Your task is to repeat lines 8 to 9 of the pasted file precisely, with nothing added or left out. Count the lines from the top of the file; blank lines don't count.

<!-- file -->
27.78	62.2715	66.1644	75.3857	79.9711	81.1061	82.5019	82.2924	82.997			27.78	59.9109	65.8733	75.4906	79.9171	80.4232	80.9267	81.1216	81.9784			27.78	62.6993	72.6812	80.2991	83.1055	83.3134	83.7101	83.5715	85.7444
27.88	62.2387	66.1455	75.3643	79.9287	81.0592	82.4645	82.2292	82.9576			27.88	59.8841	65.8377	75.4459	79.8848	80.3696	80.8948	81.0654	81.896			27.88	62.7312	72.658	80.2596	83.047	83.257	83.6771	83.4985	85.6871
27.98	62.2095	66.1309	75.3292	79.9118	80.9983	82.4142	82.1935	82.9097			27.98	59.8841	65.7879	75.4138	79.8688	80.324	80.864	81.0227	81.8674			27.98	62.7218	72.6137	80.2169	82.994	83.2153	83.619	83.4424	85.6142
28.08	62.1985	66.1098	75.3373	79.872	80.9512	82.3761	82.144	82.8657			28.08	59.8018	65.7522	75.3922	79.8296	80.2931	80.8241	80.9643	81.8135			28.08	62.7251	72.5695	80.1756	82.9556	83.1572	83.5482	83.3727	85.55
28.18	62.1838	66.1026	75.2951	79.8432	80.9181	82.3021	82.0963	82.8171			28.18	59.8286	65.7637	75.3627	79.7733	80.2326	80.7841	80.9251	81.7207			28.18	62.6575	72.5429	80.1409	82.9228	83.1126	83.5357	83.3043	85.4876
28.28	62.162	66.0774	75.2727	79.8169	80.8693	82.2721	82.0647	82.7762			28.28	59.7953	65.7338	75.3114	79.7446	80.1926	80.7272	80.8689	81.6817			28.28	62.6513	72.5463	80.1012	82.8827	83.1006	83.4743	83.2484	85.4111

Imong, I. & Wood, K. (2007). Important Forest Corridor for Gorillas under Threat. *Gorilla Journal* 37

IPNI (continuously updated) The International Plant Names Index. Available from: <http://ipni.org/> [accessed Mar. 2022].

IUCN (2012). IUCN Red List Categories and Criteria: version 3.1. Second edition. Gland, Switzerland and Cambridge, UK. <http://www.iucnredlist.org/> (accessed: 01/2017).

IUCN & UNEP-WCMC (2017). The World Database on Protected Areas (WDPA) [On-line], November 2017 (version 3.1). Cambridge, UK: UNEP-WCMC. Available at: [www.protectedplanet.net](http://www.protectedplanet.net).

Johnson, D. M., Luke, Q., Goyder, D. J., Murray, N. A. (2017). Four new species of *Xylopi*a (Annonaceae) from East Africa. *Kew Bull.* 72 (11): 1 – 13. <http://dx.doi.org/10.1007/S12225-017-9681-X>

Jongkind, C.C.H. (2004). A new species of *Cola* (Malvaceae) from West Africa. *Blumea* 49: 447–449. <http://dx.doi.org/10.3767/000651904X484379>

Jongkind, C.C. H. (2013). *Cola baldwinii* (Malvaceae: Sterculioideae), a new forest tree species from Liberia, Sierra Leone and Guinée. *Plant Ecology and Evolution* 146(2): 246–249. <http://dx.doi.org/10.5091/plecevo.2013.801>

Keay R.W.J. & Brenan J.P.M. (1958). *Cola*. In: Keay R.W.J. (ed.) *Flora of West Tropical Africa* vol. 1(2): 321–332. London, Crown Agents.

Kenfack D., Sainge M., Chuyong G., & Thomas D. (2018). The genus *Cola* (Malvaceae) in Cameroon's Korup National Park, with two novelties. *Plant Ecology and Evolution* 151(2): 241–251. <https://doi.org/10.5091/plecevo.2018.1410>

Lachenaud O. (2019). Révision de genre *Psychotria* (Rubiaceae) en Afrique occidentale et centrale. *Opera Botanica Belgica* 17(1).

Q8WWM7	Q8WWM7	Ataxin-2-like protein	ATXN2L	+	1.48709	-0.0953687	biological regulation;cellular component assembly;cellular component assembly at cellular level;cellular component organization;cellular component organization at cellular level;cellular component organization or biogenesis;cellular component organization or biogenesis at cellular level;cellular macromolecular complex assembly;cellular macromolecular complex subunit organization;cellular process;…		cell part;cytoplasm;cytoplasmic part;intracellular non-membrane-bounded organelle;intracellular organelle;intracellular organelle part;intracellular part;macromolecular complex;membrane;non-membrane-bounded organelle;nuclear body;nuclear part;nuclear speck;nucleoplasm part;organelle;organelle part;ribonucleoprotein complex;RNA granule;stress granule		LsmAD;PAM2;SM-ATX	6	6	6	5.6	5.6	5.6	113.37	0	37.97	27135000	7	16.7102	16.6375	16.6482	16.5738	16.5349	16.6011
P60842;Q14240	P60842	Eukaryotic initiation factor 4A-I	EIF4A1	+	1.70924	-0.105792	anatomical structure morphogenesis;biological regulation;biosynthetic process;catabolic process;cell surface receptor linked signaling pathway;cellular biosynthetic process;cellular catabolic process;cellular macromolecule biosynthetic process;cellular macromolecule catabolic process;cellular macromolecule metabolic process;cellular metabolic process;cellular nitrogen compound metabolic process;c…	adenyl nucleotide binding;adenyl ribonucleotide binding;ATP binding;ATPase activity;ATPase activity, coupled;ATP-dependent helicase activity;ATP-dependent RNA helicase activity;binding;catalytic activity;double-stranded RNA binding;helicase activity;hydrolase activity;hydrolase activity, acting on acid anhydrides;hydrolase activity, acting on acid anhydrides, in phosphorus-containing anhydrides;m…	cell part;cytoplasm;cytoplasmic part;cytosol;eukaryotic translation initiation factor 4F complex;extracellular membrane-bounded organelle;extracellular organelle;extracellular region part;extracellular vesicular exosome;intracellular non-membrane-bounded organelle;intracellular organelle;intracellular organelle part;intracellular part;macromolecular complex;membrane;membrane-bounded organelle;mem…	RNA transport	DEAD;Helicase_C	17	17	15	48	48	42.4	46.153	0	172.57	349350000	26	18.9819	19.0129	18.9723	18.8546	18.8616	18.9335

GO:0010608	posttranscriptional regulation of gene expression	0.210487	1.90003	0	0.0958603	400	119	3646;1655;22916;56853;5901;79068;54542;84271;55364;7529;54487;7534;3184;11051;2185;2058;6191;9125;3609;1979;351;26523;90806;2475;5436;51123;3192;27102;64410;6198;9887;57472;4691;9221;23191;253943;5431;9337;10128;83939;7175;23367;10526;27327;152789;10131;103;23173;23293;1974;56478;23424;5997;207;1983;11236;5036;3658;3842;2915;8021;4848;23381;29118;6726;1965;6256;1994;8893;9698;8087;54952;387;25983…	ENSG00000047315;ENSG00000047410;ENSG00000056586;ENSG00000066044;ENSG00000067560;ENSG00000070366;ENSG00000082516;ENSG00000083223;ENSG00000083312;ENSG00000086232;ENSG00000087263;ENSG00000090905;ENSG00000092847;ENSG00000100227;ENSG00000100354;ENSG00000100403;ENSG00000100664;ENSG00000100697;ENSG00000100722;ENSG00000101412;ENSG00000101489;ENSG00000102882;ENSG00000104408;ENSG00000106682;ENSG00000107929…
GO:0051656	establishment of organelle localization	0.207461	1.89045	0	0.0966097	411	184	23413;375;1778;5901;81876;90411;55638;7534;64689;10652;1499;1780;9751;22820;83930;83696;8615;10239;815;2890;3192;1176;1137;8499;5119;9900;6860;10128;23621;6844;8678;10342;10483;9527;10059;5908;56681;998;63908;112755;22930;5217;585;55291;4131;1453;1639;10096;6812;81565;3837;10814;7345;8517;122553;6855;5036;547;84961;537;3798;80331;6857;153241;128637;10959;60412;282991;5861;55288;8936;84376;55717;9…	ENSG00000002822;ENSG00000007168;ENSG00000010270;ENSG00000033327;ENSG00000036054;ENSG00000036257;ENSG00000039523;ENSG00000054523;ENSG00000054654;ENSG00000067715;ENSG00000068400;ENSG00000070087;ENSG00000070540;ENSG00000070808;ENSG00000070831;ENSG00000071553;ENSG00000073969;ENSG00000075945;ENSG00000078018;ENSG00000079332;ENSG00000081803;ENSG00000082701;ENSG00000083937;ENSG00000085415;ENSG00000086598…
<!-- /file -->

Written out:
IPNI (continuously updated) The International Plant Names Index. Available from: <http://ipni.org/> [accessed Mar. 2022].

IUCN (2012). IUCN Red List Categories and Criteria: version 3.1. Second edition. Gland, Switzerland and Cambridge, UK. <http://www.iucnredlist.org/> (accessed: 01/2017).